Twitter Project- Viral Tweets using K-Nearest Neighbour

Tired of writing good and creative tweets but they don’t go viral. Wondering what you can do to achieve Trump’s tweeting skills. Well this project can’t help you in that. Here, we will use K-Nearest Neighbour algorithm to predict whether someone’s tweet will go viral based on various features associated to the tweet. This project was part of my course at Codecademy, the coolest website for beginners. Let's dive in.

What is K-Nearest Neighbour algorithm?

KNN or K-Nearest Neighbour works on the basic assumption that similar data points lie close to each other. It is used both in classification and regression. This algorithm classifies data by calculating distances between various data points and grouping them together which have the least distance among them in that group.

Food for thought

Before get into direct predictions let’s think about what all features a tweet can have that will make it go viral. Could it be the number of hashtags it has or could it be number of friends the person has. It could also be the link that is there in that tweet or something in the language of tweet itself makes it go viral.

Explore the data-set

We will begin by exploring the various features in data-set and the data-points. On exploration we found that some of the features in our data are in form of dictionary, one example is user dictionary.

import pandas as pd

all_tweets = pd.read_json("random_tweets.json", lines=True)



On running above code and loading data from JavaScript Object Notation A.K.A json file we were able to analyze the data and saw that there are 11,099 data points and 31 features out of which few are dictionaries. The data has been collected between 2018–07–31 13:34:13 to 2018–07–31 13:34:40.

Define Viral Tweets

Now that we have a rough idea of our data set next step for us is to define which tweets are viral according to us. Wondering why do we need this, well the reason is simple, KNN classifier is a supervised machine learning algorithm and it needs labels to know what data means and how to group them. Why are we making it? Simple reason, it is not given to us in the data set.

I will start by creating a column which is_viral in my data set and for this project I have considered that if a tweet has been retweeted 1000 times it is a viral tweet. The following code will do the job for us using


import numpy as np

all_tweets['is_viral'] = np.where(all_tweets['retweet_count'] > 1000, 1, 0)

Output Tweet Status, Source: OriginalFeature Engineering

Next we will find the features that we think are relevant for our analysis. As I mentioned earlier one can think of the things that might influence whether a tweet will go viral or not. I have considered tweet_length, hashtag_count, word_count, average_word_len, followers_count, friends_count and http_count as my features for training my model.

all_tweets['tweet_length'] = all_tweets.apply(lambda tweet: len(tweet['text']), axis=1)

all_tweets['hashtags_count'] = all_tweets.apply(lambda tweet: tweet['text'].count('#'), axis = 1)

all_tweets['followers_count'] = [all_tweets.loc[i]['user']['followers_count'] for i in range(len(all_tweets))]

all_tweets['friends_count'] = [all_tweets.loc[i]['user']['friends_count'] for i in range(len(all_tweets))]

all_tweets['http_count'] = all_tweets.apply(lambda tweet: tweet['text'].count('http'), axis = 1)

all_tweets['word_count'] = all_tweets.apply(lambda tweet: len(tweet['text'].split()), axis = 1)

all_tweets['average_word_len'] = all_tweets['tweet_length']*1.0 / all_tweets['text_count']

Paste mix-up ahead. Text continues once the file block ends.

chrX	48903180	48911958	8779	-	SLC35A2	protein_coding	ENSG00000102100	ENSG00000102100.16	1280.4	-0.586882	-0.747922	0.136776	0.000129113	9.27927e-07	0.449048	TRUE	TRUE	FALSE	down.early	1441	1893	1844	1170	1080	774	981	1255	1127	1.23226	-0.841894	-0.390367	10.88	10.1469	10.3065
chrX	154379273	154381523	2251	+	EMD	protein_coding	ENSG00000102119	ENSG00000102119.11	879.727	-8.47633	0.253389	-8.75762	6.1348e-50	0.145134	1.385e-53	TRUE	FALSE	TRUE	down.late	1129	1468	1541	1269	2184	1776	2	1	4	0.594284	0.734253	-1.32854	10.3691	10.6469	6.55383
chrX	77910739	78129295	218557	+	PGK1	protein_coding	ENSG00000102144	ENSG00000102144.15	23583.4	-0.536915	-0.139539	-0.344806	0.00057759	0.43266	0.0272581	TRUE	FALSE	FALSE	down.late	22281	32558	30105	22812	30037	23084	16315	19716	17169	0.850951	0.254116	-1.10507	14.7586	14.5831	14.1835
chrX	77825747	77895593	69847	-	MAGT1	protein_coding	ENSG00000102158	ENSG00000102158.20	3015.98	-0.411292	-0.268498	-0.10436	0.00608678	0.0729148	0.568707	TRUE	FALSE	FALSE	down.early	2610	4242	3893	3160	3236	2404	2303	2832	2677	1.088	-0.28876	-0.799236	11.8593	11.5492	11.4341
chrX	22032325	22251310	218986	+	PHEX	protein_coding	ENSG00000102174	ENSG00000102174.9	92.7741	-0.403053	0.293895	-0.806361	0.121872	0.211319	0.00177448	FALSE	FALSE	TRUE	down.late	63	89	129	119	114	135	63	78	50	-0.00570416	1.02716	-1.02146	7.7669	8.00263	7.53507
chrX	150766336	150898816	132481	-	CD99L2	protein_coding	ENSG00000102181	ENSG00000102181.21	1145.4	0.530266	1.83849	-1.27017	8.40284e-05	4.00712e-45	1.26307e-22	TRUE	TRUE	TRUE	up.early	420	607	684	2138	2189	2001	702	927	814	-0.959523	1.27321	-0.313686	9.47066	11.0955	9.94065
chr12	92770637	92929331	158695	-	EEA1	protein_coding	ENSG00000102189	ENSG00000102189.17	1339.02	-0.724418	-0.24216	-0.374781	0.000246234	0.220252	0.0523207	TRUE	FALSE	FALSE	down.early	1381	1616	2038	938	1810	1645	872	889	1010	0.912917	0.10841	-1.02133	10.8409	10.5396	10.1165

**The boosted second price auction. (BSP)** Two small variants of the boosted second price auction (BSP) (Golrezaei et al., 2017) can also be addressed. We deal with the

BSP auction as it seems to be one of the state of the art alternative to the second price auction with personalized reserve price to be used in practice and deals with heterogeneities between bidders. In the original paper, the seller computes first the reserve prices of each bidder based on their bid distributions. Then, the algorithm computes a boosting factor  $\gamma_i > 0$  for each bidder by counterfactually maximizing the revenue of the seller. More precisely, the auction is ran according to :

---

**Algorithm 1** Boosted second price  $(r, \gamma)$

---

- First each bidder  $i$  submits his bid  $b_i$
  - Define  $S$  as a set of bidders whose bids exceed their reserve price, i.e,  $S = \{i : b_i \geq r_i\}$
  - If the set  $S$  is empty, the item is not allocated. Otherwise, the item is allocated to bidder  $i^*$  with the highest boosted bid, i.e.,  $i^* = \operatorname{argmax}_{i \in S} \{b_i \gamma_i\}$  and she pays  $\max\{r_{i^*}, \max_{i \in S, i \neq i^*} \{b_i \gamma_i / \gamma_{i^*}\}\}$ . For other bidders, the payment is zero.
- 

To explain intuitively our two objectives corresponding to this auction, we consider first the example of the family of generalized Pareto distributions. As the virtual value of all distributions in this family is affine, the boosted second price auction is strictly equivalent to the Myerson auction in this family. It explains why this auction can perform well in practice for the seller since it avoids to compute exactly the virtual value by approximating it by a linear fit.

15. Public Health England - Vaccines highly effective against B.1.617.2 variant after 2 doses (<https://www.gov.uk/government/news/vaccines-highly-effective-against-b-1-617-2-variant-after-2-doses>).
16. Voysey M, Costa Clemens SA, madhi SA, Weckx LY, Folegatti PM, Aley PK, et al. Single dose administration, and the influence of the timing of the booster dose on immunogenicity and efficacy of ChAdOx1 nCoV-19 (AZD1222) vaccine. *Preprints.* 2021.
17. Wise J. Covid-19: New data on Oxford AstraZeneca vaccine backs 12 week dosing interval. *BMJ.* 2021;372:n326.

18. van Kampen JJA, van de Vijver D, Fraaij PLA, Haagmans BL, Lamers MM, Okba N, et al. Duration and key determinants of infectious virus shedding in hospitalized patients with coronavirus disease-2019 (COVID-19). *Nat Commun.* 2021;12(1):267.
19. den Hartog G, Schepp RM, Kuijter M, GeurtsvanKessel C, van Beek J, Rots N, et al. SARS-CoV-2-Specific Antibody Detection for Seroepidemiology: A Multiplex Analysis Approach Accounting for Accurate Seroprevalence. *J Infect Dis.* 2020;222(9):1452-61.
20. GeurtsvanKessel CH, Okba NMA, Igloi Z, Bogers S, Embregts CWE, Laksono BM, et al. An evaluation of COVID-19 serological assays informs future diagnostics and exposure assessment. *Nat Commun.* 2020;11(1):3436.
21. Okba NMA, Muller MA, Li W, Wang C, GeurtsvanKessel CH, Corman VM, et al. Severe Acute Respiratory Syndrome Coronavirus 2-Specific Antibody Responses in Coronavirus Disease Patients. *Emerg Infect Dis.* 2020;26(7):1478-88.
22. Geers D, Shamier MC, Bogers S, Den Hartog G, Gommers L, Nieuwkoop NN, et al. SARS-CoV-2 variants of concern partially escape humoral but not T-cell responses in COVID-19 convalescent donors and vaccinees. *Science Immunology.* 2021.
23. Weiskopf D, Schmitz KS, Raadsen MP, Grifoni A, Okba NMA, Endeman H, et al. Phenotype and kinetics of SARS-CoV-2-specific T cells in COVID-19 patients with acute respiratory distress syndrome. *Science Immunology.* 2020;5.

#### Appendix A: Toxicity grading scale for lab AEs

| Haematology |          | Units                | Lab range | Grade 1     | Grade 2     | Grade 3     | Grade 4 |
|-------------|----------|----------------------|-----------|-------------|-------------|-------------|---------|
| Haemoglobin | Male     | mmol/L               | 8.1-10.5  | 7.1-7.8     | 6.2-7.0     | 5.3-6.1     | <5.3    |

Normalizing Data

Now we will normalize our data by first assigning to variable named data and using sklearn.preprocessing.scale this will scale our data and make sure we take care of outliers as well as bring all data to an even level which makes algorithm more fast. Why it happens is out of the scope of this blog. That’s what professor tells in class isn’t it.

from sklearn.preprocessing import scale

data = all_tweets[['tweet_length','hashtags_count','followers_count','friends_count','http_count','word_count','average_word_len']]
labels = all_tweets['is_viral']

Train Test Split

All ready to train model and make predictions. Hold on to your horses. We have one last step before we dive into teaching our terminator. We need to split the data into 80/20, i.e. 80% for training and 20% for testing. sklearn.model_selection.train_test_split should do the job.

from sklearn.preprocessing import scale

data = all_tweets[['tweet_length','hashtags_count','followers_count','friends_count','http_count','word_count','average_word_len']]
labels = all_tweets['is_viral']

KNN Classifier

Phew that was some hard work getting data ready for training. Now we will train our model, test our model and check for accuracy. Then we will change the k number of neighbors and run our model again to see which k suits our case the best for a balanced train and test accuracy. Remember there is under-fitting and over-fitting which can happen on choosing too high or two low k values.

from sklearn.neighbors import KNeighborsClassifierclassifier = KNeighbors

Classifier(n_neighbors = 5),train_labels)

The above code will print accuracy of our model. Which, in our case is coming out to be 79.96% for a k value of 5.

Optimal K

We will now experiment with different K and plot them on a graph to see which value of k gives optimal accuracy. In our case it turns out to be k = 6. Below code will plot graph vs accuracy for 100 values of k.

from sklearn.neighbors import KNeighborsClassifier

import seaborn as sn

score = []
for k in range(1,100):
    classifier = KNeighborsClassifier(n_neighbors = k),train_labels)

Great! You made it to the end. Now we know that how KNN works.

Check Twitter Project- Classification using Naive Bayes Classifier to learn about another classification algorithm which is used for classifying text and even used in email classification.